The Federal Emergency Management Agency's Plan for Revitalizing U.S. Civil Defense

A Review of Three Major Plan Components Gao ID: NSIAD-84-11 April 16, 1984

Pursuant to a congressional request, GAO reviewed the status, costs, and effectiveness of three major components of the Federal Emergency Management Agency's (FEMA) 7-year plan for revitalizing the National Civil Defense Program (NCDP). GAO evaluated the Nuclear Attack Civil Preparedness (NACP), Radiological Defense (RADEF), and Direction and Control components of NCDP, which together compose 74 percent of the estimated cost of NCDP.

NACP is concerned with relocating the population and providing fallout protection after an attack. The 7-year plan requires the development of crisis relocation plans (CRP). GAO found that FEMA has emphasized the development of CRP for areas located near strategic military bases, rather than for urban high risk areas. In addition, several critical NACP segments are inactive and unfunded, and industrial protection programs are not included in the 7-year plan. RADEF is designed to provide information, equipment, and technical advice to protect the population from radiation following a nuclear attack. While FEMA has made progress in the development of radiological instruments, problems remain regarding: (1) the number of instruments necessary; (2) instrument inventories and distribution plans; and (3) radiological defense officer staffing and training. The Direction and Control component of NCDP is concerned with providing information to the public before, during, and after an attack, allocating community resources, and directing evacuation and recovery activities. GAO found that many emergency operating centers (EOC) do not meet FEMA standards and have deficiencies that might render them inoperative during an attack. In addition, under the Broadcast Station Protection Program (BSPP): (1) FEMA program analysis and cost estimates are questionable; and (2) many fully protected stations have facility, operational, and equipment deficiencies that could prevent them from operating effectively after an attack.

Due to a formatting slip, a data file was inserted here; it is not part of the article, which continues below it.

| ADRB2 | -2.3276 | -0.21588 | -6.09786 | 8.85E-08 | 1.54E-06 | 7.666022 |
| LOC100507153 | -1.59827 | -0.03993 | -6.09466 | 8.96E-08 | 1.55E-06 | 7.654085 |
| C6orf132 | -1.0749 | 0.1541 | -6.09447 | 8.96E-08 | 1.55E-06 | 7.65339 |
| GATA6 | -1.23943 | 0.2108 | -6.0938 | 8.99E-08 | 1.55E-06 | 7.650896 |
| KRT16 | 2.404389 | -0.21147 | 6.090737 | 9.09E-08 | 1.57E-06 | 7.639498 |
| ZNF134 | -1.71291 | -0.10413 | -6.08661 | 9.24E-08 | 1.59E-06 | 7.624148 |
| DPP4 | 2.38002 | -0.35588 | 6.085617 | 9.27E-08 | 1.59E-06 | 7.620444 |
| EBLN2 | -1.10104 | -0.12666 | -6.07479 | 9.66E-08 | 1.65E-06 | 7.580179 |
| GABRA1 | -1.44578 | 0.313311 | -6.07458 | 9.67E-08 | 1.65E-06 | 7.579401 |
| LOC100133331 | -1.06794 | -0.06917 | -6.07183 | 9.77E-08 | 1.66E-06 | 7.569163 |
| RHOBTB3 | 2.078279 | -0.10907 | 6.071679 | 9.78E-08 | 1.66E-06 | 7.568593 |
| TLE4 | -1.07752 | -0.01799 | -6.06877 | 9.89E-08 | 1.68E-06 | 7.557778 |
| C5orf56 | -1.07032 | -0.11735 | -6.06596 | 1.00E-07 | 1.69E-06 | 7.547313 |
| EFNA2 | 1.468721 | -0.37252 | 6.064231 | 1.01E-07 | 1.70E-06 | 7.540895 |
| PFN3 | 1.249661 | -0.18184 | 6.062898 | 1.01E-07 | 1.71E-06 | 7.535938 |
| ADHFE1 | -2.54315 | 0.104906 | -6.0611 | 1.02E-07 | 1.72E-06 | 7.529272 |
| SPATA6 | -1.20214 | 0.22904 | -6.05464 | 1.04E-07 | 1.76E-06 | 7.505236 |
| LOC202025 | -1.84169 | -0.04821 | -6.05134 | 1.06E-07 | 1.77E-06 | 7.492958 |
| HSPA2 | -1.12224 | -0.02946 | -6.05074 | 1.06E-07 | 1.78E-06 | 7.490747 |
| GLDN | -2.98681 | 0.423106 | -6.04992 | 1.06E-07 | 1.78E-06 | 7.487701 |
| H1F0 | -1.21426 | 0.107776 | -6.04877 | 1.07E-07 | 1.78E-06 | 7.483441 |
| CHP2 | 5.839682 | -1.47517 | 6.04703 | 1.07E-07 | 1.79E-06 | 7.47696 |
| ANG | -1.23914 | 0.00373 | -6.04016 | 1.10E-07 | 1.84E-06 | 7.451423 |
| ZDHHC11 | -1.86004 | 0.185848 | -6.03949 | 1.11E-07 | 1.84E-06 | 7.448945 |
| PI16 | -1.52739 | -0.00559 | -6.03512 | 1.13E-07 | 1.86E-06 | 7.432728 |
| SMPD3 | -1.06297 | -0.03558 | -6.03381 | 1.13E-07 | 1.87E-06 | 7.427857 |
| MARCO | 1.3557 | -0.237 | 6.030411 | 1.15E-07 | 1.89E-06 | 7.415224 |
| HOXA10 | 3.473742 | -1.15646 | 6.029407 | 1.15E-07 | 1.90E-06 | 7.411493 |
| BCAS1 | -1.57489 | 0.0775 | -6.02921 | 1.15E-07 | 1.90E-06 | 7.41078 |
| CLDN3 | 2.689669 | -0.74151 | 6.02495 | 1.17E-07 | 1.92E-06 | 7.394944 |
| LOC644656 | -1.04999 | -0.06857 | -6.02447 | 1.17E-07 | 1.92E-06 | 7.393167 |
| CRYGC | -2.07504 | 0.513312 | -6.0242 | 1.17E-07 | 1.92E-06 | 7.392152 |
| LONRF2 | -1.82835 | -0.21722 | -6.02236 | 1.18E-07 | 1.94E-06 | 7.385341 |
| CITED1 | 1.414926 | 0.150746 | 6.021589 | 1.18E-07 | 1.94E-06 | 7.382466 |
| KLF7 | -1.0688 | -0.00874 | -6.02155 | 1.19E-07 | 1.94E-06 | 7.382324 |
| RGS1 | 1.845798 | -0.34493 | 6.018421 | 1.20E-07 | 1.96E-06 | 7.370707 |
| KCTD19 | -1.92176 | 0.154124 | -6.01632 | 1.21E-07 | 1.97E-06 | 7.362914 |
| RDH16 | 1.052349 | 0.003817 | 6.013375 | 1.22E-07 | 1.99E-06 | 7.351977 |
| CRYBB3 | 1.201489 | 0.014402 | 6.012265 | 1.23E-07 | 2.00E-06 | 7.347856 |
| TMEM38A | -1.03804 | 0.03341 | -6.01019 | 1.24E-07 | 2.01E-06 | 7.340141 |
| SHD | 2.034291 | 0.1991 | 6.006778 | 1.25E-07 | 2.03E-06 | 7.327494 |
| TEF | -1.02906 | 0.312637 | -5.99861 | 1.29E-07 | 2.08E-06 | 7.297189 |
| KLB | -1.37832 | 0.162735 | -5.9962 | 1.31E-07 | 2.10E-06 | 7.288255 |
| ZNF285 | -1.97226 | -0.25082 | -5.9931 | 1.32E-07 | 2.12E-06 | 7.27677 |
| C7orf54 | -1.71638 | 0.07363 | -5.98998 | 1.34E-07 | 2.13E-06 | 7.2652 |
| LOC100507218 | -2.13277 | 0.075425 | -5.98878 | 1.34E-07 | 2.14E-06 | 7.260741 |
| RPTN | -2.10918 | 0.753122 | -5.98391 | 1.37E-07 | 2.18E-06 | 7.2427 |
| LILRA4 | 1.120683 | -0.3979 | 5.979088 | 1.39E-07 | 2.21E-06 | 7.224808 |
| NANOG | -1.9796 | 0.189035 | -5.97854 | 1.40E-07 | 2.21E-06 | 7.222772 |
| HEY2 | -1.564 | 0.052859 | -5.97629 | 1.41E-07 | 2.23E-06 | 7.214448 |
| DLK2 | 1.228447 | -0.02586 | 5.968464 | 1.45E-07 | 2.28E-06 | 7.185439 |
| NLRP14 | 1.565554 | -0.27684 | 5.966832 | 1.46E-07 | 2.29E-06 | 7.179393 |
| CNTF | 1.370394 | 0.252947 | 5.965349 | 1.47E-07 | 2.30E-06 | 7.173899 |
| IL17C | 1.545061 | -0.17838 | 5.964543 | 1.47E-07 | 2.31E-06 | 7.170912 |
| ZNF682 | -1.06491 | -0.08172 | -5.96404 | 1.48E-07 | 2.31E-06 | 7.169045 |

Our recommendations from this work are listed below with a Contact for more information. Status will change from "In process" to "Open," "Closed - implemented," or "Closed - not implemented" based on our follow up work.

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